Risk and Prophecy – has the Church got its COVID-19 response right?
Dr Charlie Bell, Girton College, Cambridge
Charlie Bell holds a PhD in medical genetics and is a medical doctor, as well as a policy adviser to UK Parliament; later this year he will take up a role as Academic Clinical Fellow in Psychiatry at King’s College, London. He is John Marks Fellow, College Lecturer, Praelector and Director of Studies at Girton College, Cambridge, a Fellow of the Royal Society of Arts and a Senior Fellow of the Higher Education Academy.
In this paper Charlie Bell challenges assumptions about how we should approach the COVID- 19 crisis not least in church. He argues that church authorities have misunderstood the science and imposed a culture of fear thereby exacerbating the crisis. It is time for a radical reassessment.
Risk & Prophecy
Since the start of the coronavirus epidemic, life has fundamentally changed, not only in how we practically go about our daily lives, but also in the way we are encouraged to think. For years there have been complaints about the ‘health and safety’ culture which is frequently cited as the cause of all evil, but it’s not clear that this complaint has ever really been borne out by reality. However, the pandemic really has changed the way we respond to and what we prioritise in our community lives – we live in a society in which ‘safe’ has become the new watchword. Everything must now be deemed ‘safe’ before it can occur – a rebuilding of society out of lockdown, based on what has been, at times, pretty shaky grounds. That shakiness, of course, is to be expected – there is no pure scientific way of determining what ‘safe’ is given the novelty of the threat we currently face and the resulting lack of clear universal measures that can be taken to avoid infection.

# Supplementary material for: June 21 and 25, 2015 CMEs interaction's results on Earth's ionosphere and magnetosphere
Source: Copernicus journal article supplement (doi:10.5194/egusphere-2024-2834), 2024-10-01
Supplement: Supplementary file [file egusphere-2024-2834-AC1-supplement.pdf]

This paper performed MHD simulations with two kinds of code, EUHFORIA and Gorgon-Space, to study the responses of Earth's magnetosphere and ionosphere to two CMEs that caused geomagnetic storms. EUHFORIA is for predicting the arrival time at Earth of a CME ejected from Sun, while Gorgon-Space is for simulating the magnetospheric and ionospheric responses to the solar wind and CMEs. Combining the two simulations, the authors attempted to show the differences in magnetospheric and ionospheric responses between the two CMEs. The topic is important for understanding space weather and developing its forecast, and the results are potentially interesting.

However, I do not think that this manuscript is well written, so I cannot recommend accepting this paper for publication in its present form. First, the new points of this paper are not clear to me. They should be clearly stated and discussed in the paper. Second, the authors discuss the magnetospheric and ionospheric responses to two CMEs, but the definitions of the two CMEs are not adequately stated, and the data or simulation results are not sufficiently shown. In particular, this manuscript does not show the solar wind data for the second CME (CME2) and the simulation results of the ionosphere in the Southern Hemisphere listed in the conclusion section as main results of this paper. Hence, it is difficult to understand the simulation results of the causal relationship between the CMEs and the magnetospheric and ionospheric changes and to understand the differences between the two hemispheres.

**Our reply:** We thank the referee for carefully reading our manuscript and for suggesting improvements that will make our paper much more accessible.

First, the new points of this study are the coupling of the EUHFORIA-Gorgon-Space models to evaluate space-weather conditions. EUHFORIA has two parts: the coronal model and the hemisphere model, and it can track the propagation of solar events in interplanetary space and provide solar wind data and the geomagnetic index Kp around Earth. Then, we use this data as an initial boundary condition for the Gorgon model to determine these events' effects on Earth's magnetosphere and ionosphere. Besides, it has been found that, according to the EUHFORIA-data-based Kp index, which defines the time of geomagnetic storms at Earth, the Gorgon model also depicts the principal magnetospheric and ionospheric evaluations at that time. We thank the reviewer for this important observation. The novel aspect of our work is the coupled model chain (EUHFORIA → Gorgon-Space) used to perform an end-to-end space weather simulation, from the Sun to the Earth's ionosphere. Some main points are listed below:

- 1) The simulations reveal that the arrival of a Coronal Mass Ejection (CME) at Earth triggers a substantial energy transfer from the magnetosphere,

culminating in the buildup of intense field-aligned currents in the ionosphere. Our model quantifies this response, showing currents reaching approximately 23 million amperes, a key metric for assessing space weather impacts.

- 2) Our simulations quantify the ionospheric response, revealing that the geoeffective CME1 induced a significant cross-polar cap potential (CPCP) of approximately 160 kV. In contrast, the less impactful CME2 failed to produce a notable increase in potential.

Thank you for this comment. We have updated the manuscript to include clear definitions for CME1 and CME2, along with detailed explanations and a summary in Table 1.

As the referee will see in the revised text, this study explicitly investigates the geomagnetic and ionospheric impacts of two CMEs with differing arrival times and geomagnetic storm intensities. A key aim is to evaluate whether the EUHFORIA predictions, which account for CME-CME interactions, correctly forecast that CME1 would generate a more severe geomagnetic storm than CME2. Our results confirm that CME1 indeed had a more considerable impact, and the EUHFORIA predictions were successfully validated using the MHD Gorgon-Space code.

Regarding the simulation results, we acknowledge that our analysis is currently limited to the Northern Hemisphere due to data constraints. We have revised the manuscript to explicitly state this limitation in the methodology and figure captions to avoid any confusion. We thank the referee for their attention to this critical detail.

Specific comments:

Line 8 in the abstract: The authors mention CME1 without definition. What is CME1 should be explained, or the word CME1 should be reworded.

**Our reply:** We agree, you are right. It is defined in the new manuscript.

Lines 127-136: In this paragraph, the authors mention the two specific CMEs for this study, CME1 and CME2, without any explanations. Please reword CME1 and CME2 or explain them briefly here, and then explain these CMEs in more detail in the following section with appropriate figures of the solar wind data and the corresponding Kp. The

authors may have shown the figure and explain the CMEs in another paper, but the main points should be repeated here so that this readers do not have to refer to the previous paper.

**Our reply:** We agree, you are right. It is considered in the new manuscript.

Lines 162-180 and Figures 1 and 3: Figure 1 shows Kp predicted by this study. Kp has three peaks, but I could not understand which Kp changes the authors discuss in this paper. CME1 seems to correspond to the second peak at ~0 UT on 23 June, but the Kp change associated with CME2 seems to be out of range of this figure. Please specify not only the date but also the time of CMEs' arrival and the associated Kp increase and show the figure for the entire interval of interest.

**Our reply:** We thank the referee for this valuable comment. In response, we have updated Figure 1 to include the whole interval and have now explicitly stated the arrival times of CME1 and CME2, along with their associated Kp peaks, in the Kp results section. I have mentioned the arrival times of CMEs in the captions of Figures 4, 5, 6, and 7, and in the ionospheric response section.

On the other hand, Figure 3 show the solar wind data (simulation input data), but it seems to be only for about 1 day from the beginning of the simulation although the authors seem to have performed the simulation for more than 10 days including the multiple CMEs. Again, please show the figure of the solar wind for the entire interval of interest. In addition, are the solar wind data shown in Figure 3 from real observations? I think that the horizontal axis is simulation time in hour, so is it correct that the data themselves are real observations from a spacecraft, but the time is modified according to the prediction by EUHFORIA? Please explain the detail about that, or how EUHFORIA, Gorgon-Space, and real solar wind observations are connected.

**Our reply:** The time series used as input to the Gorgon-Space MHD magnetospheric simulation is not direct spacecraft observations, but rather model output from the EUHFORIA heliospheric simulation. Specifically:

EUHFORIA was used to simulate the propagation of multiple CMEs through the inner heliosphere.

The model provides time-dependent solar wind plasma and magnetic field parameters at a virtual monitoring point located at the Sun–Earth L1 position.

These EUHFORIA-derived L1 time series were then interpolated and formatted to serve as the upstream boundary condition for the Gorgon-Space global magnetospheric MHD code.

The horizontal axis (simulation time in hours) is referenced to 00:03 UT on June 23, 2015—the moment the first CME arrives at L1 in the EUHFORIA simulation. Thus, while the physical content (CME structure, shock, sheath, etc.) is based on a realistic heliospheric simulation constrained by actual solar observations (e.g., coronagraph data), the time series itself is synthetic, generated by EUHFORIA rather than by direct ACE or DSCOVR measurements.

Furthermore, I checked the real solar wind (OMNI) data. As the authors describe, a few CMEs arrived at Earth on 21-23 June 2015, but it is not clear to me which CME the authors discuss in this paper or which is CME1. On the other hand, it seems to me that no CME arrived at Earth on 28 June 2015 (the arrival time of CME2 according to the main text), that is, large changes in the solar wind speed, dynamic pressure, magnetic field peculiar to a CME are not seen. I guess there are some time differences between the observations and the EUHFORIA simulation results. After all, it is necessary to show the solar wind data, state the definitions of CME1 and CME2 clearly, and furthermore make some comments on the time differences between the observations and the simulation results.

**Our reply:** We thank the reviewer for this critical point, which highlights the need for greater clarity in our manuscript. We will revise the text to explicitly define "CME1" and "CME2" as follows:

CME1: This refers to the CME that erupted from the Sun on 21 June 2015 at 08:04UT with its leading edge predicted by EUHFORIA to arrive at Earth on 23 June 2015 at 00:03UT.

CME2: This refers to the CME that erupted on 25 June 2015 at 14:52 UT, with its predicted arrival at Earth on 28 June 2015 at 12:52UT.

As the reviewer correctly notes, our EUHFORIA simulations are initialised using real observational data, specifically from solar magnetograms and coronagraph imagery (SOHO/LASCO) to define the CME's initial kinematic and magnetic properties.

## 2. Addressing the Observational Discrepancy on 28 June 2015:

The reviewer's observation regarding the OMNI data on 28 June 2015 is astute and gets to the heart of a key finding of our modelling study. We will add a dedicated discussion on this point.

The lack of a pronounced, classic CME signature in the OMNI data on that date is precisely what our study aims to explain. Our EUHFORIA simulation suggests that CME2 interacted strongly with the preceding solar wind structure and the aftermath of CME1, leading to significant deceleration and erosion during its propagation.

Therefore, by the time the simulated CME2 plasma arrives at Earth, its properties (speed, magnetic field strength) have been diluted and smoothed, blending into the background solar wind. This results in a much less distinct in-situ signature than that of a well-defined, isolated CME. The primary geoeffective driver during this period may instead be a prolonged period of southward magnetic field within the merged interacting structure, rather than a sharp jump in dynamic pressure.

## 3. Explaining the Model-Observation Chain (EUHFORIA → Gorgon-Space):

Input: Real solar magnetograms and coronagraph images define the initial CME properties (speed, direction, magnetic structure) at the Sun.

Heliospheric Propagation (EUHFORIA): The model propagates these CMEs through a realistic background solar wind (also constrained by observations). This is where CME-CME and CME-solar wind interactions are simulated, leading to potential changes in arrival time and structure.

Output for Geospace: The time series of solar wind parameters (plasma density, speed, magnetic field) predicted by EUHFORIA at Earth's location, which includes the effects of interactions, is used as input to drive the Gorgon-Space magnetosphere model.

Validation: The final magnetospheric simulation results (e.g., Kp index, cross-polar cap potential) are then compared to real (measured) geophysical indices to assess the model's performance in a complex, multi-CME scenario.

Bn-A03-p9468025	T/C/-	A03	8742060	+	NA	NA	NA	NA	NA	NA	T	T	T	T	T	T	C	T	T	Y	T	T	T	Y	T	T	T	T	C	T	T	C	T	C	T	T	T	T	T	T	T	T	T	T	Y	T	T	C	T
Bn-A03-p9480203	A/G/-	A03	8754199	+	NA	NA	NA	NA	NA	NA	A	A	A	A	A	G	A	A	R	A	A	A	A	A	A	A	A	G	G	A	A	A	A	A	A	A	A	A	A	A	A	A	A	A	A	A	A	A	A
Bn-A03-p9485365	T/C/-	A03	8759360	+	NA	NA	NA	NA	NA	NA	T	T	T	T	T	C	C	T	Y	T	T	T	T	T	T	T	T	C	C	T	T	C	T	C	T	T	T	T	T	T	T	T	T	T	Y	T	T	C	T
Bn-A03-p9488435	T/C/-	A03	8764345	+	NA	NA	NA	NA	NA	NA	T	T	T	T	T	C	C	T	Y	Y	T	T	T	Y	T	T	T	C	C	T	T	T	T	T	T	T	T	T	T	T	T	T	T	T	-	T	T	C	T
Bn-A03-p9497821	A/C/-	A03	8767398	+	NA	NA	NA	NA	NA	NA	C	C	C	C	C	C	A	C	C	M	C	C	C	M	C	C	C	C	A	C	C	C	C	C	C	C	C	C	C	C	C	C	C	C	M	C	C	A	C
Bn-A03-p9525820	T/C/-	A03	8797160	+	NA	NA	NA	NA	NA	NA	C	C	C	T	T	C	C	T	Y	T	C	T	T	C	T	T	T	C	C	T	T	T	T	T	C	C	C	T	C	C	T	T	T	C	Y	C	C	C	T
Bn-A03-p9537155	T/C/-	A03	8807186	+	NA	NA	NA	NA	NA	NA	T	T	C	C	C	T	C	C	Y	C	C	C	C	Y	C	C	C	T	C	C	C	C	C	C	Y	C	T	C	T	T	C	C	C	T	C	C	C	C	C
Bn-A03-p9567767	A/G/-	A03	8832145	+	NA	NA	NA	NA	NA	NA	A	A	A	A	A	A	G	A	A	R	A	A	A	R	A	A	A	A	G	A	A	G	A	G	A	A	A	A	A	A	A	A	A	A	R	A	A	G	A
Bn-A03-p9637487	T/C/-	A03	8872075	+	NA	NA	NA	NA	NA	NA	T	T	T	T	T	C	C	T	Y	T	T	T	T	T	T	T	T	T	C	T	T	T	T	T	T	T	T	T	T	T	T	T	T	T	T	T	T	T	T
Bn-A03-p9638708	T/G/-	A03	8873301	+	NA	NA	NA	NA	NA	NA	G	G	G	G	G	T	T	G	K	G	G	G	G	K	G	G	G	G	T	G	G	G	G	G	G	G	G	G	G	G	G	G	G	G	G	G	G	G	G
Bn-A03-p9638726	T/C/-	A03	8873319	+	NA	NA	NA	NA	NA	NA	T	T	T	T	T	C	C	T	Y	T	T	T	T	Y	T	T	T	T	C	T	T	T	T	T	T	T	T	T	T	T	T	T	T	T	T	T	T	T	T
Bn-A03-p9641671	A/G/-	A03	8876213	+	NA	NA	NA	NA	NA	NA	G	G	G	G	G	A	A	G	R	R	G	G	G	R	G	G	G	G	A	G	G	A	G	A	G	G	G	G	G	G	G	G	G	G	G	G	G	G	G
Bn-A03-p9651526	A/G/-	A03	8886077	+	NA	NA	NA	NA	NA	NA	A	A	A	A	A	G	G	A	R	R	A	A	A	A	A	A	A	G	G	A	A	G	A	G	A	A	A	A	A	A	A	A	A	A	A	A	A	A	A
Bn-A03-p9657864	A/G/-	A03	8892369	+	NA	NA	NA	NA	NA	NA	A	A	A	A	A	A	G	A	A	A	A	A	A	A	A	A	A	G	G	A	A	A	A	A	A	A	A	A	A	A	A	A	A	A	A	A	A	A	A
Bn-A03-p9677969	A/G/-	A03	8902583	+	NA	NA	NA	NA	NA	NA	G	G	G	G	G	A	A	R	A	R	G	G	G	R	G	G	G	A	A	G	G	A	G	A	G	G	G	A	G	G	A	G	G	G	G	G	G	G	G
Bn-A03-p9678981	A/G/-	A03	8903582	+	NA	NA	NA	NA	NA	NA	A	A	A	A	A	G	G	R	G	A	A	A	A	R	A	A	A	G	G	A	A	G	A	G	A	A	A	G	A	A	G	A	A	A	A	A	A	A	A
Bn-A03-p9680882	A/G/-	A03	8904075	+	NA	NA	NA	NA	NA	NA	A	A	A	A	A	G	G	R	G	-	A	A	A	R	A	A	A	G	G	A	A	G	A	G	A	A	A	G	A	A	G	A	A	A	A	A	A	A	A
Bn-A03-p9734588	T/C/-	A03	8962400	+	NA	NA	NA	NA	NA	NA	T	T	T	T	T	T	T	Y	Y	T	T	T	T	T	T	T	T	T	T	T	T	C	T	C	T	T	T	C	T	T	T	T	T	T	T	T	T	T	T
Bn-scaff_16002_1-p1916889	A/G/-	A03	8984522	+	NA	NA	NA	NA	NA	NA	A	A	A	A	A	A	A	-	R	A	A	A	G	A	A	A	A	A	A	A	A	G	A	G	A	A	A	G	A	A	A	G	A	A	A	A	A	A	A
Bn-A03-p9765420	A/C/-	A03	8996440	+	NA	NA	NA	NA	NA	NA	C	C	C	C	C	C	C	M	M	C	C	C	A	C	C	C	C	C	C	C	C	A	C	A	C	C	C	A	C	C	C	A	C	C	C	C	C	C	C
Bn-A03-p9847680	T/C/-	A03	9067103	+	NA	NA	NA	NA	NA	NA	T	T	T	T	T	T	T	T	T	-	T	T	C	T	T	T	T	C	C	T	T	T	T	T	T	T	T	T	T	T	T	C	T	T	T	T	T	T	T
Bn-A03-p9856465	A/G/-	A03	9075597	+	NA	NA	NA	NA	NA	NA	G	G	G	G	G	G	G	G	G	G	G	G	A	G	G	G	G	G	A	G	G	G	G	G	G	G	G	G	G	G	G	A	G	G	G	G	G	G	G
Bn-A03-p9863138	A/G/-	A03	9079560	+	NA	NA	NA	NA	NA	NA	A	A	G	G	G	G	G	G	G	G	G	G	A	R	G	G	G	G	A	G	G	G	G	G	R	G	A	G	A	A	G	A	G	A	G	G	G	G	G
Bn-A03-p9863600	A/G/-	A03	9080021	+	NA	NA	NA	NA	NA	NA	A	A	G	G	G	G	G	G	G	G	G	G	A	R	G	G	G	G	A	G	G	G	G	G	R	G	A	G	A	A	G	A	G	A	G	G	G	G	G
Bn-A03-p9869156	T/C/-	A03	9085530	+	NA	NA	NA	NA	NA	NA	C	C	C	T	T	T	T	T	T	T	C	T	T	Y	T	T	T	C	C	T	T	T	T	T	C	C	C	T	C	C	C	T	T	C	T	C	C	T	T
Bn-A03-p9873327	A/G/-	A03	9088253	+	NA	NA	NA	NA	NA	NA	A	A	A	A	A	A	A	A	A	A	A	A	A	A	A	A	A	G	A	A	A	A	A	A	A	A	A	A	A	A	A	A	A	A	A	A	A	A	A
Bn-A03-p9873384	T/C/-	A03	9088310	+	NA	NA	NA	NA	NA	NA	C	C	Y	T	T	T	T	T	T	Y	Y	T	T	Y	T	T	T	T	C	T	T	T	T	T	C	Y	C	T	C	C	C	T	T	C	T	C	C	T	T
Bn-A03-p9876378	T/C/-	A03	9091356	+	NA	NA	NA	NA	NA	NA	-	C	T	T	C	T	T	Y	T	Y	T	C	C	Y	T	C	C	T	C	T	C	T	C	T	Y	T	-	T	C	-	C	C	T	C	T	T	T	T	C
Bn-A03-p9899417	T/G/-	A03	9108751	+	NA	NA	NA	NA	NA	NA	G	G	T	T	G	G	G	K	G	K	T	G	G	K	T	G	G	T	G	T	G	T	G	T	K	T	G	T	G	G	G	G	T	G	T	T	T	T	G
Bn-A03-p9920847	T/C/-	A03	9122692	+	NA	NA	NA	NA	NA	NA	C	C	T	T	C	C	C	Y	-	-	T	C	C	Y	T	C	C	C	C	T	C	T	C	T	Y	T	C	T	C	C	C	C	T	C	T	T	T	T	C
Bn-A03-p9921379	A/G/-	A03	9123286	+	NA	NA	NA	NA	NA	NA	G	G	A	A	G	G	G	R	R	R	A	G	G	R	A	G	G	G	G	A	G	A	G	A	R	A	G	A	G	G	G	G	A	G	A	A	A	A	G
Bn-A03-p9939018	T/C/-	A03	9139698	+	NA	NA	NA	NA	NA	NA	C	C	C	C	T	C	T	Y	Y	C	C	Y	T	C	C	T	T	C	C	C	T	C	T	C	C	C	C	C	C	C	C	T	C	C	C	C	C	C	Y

To aim to be safe is laudable, and it might seem strange to ask questions about its prominence in public, and church, debates. Safety is, and will remain, a key part of an appropriate and effective response to a major global pandemic. However, this article contends that safety as currently envisaged may, in fact, prove nothing of the sort, and may in fact lead to far worse long-term and societal outcomes than we are currently facing. This is not to denigrate or cast shadow on the intentions of those who have made safety their first concern – it is rather to suggest that the right questions may not have been asked, that those who should be asking the questions may not be equipped to do so, and that the resulting fear and panic that continues to surround the pandemic may be leading to far worse outcomes than are necessary.